Using linkage analysis in 12, mostly consanguineous, families with triple-A syndrome and originating from North Africa (five families from Algeria, and two families from Tunisia), Hadj-Rabia et al. (2000) confirmed that the disease locus maps to 12q13 (maximum lod score = 10.89 at marker D12S1604) and suggest that triple A is probably a genetically homogeneous disorder in patients of North African ancestry. Analysis of markers at five contiguous loci showed that most of the triple-A chromosomes were derived from a single founder chromosome, and Hadj-Rabia et al. (2000) speculated that the triple-A mutation was due to an ancient Arabian founder effect that occurred before migration to North Africa.
Tullio-Pelet et al. (2000) carried out fine-mapping based on linkage disequilibrium in 10 North African inbred families with triple-A-syndrome (including: 7 families with 10 affected individuals from Algeria, and 3 families with 5 affected individuals from Tunisia). Most of these families were consanguineous except one Algerian and one Tunisian family. Tullio-Pelet et al. (2000) identified a short ancestral haplotype on 12q13 (less than 1 cM), sequenced a BAC contig encompassing the triple-A minimal region, and identified a novel gene designated AAAS, encoding a 547-amino acid protein, called aladin, that was mutant in affected individuals. Nine of the 10 families from North African ancestry carrying allele 5 at the D12S1604 locus were found to have the same splice site mutation (IVS14+1G>A), and Tullio-Pelet et al. (2000) calculated that this founder mutation first occurred more than 2,400 years ago. Two unrelated Tunisian patients from two of the families with the founder mutation had achalasia and alacrima without adrenal insufficiency, while each of their sibs had all three disease features. Tullio-Pelet et al. (2000) suggested that other unlinked genes or environmental factors may modify the expression of the mutant genotype. The remaining Algerian family was found to have nonsense mutation in exon 9 of the AAAS gene (1024C>T; R312X). The predicted product of AAAS, Aladin (for 'alacrima-achalasia-adrenal insufficiency neurologic disorder') belongs to the WD-repeat family of regulatory proteins, indicating a new disease mechanism involved in the triple-A syndrome. The expression of the gene in both neuroendocrine and cerebral structures pointed to a role in the normal development of the peripheral and central nervous systems.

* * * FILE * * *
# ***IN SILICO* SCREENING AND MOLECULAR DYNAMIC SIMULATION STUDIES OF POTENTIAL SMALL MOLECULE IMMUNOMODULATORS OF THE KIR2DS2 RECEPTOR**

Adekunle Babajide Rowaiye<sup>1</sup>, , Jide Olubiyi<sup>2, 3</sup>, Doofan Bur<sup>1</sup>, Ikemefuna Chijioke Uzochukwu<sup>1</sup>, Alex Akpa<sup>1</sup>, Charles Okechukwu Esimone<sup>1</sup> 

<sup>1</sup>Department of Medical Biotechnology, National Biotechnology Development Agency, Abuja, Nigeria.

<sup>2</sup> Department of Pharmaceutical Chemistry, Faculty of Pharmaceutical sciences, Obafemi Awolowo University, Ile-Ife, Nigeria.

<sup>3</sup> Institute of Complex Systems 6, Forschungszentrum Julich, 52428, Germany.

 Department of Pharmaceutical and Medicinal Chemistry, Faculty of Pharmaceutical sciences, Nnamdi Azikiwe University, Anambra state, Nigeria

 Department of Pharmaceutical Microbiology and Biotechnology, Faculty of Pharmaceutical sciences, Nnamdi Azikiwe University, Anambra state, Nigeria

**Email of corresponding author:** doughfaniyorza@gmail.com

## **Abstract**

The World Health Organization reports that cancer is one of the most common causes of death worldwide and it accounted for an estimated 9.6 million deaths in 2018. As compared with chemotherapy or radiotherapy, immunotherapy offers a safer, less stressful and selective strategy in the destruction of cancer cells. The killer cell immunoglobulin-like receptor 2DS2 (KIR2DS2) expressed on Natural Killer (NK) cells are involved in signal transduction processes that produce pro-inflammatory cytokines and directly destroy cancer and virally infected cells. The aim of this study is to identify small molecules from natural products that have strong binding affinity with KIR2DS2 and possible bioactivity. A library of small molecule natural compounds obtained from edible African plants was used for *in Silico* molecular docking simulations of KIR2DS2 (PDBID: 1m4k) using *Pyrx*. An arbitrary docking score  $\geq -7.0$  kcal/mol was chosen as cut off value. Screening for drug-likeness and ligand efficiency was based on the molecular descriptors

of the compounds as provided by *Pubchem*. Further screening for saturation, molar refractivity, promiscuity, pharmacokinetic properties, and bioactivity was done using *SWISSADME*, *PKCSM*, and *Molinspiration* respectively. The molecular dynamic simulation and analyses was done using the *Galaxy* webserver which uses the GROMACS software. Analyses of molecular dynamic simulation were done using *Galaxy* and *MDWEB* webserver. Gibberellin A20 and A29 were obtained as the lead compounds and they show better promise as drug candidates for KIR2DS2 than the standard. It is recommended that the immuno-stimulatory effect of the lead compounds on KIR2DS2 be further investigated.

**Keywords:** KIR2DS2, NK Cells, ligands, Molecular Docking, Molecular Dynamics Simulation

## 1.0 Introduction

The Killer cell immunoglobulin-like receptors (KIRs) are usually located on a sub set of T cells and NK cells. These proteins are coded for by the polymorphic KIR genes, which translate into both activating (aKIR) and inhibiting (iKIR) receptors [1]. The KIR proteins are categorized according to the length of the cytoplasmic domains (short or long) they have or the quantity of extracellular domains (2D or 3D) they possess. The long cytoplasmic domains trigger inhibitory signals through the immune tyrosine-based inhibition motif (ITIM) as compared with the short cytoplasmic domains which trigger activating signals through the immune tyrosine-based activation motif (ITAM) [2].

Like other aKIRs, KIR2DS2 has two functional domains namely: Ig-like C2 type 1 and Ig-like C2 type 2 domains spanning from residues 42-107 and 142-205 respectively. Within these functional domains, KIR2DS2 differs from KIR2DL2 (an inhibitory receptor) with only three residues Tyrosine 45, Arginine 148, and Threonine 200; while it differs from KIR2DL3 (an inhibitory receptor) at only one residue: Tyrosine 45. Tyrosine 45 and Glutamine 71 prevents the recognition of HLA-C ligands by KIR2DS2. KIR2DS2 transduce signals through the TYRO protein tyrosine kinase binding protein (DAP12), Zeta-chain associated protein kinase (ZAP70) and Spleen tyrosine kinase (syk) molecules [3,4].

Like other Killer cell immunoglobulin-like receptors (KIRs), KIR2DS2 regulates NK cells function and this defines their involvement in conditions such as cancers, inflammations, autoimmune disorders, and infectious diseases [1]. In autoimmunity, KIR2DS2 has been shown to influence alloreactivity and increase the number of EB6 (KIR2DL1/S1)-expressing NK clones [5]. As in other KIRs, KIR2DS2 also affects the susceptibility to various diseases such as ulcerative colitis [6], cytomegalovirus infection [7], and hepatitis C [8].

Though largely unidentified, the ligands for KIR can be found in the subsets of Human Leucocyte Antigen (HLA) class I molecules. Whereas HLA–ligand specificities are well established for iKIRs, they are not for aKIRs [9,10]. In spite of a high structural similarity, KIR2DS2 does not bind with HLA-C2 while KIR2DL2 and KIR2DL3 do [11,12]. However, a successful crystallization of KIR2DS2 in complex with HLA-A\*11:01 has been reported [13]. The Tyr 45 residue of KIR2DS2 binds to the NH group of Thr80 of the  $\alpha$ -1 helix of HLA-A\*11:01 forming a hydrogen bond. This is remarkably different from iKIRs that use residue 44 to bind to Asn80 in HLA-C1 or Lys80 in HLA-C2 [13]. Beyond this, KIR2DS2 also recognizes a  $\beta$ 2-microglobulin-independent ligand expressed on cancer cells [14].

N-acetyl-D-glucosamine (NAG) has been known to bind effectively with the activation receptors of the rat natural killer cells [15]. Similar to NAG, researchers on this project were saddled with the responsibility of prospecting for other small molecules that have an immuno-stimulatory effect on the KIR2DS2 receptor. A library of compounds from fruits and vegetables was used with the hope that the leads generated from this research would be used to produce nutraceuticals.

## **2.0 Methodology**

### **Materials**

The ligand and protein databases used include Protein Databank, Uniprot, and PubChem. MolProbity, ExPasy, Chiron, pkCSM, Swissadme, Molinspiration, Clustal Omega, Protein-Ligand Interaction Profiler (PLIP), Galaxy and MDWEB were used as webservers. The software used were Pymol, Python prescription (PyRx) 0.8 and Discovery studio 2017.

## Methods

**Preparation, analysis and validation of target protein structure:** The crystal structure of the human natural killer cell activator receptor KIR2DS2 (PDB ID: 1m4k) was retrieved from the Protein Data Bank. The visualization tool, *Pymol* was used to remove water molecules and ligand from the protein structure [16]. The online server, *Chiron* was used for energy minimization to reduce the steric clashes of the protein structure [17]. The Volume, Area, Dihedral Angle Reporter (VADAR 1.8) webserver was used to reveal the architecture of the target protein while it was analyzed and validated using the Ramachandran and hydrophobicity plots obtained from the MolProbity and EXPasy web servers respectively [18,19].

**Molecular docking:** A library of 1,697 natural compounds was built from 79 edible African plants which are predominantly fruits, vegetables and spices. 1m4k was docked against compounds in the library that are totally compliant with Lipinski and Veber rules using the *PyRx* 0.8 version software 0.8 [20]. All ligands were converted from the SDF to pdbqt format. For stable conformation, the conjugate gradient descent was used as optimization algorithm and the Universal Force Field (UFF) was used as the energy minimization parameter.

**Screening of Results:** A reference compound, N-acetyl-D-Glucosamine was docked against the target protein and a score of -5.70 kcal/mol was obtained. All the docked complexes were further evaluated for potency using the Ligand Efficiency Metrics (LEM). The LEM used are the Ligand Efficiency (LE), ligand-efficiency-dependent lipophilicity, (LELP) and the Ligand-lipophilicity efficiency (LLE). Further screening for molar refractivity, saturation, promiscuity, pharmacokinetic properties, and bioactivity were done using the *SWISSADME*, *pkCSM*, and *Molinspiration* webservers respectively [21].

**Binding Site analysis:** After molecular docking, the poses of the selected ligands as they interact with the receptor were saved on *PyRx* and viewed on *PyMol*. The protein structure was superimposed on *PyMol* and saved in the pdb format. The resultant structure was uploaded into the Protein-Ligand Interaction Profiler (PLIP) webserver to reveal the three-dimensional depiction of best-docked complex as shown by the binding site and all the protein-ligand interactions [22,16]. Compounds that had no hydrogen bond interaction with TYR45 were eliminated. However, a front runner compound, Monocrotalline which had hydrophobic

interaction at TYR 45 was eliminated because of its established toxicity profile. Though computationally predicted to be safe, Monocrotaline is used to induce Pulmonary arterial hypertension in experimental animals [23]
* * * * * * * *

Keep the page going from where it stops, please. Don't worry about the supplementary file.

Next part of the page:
El-Rayyes et al. (1991) described a case of a 2-year old child with alacrima, achalasia, and neurological anomalies. The male child had, however, normal adrenocortical function, which was proved by clinical and laboratory studies. The presence of parental consanguinity suggested an autosomal recessive mode of inheritance.
[See also: Kuwait > Ismail et al., 2006].
Ismail et al. (2006) reported two Palestinian sibs living in Kuwait suffering from Allgrove syndrome. They were born to consanguineous first-cousin parents with three healthy children. The subjects represented a boy and a girl aged 12 and 19 years old, respectively. Both patients developed adrenal insufficiency that led to neuroautonomic dysfunction which represented as a main feature of Allgrove Syndrome. Diagnosis was further confirmed by examining the family gene mutation through sequencing the AAAS gene, which revealed a novel homozygous mutation within intron 5 (IVS5 + 1G-A) in both patients and a heterozygous mutation in both parents and their three children. Ismail et al. (2006) concluded that these two subjects demonstrated the heterogenous nature and the intrafamilial phenotypic variability of the disorder.